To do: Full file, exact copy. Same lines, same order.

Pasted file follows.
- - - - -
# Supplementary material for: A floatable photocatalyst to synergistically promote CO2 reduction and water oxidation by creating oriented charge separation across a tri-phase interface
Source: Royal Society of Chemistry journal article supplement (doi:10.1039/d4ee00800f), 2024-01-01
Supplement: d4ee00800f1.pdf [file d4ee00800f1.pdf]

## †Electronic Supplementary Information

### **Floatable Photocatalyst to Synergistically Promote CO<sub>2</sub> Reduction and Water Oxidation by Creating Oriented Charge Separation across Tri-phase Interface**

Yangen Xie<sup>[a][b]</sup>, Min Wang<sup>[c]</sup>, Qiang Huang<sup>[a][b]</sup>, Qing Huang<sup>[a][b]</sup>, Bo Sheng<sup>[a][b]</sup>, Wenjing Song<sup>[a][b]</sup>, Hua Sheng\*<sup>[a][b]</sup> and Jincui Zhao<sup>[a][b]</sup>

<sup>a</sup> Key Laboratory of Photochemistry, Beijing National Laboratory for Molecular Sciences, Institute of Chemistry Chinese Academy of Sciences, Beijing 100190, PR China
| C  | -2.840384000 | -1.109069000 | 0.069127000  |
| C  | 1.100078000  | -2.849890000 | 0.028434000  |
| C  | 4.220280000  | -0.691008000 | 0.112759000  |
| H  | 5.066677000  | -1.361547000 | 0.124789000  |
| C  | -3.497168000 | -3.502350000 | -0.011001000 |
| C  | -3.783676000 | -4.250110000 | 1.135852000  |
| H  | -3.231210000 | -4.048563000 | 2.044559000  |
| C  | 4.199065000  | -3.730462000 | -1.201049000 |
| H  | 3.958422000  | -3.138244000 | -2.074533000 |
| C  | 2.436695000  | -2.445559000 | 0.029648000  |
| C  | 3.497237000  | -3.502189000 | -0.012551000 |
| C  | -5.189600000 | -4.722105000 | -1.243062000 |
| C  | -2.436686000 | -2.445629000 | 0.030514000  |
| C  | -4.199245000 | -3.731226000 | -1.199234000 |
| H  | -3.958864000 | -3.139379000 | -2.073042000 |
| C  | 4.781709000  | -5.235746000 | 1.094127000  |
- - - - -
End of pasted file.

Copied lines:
# Supplementary material for: A floatable photocatalyst to synergistically promote CO2 reduction and water oxidation by creating oriented charge separation across a tri-phase interface
Source: Royal Society of Chemistry journal article supplement (doi:10.1039/d4ee00800f), 2024-01-01
Supplement: d4ee00800f1.pdf [file d4ee00800f1.pdf]

## †Electronic Supplementary Information

### **Floatable Photocatalyst to Synergistically Promote CO<sub>2</sub> Reduction and Water Oxidation by Creating Oriented Charge Separation across Tri-phase Interface**

Yangen Xie<sup>[a][b]</sup>, Min Wang<sup>[c]</sup>, Qiang Huang<sup>[a][b]</sup>, Qing Huang<sup>[a][b]</sup>, Bo Sheng<sup>[a][b]</sup>, Wenjing Song<sup>[a][b]</sup>, Hua Sheng\*<sup>[a][b]</sup> and Jincui Zhao<sup>[a][b]</sup>

<sup>a</sup> Key Laboratory of Photochemistry, Beijing National Laboratory for Molecular Sciences, Institute of Chemistry Chinese Academy of Sciences, Beijing 100190, PR China
| C  | -2.840384000 | -1.109069000 | 0.069127000  |
| C  | 1.100078000  | -2.849890000 | 0.028434000  |
| C  | 4.220280000  | -0.691008000 | 0.112759000  |
| H  | 5.066677000  | -1.361547000 | 0.124789000  |
| C  | -3.497168000 | -3.502350000 | -0.011001000 |
| C  | -3.783676000 | -4.250110000 | 1.135852000  |
| H  | -3.231210000 | -4.048563000 | 2.044559000  |
| C  | 4.199065000  | -3.730462000 | -1.201049000 |
| H  | 3.958422000  | -3.138244000 | -2.074533000 |
| C  | 2.436695000  | -2.445559000 | 0.029648000  |
| C  | 3.497237000  | -3.502189000 | -0.012551000 |
| C  | -5.189600000 | -4.722105000 | -1.243062000 |
| C  | -2.436686000 | -2.445629000 | 0.030514000  |
| C  | -4.199245000 | -3.731226000 | -1.199234000 |
| H  | -3.958864000 | -3.139379000 | -2.073042000 |
| C  | 4.781709000  | -5.235746000 | 1.094127000  |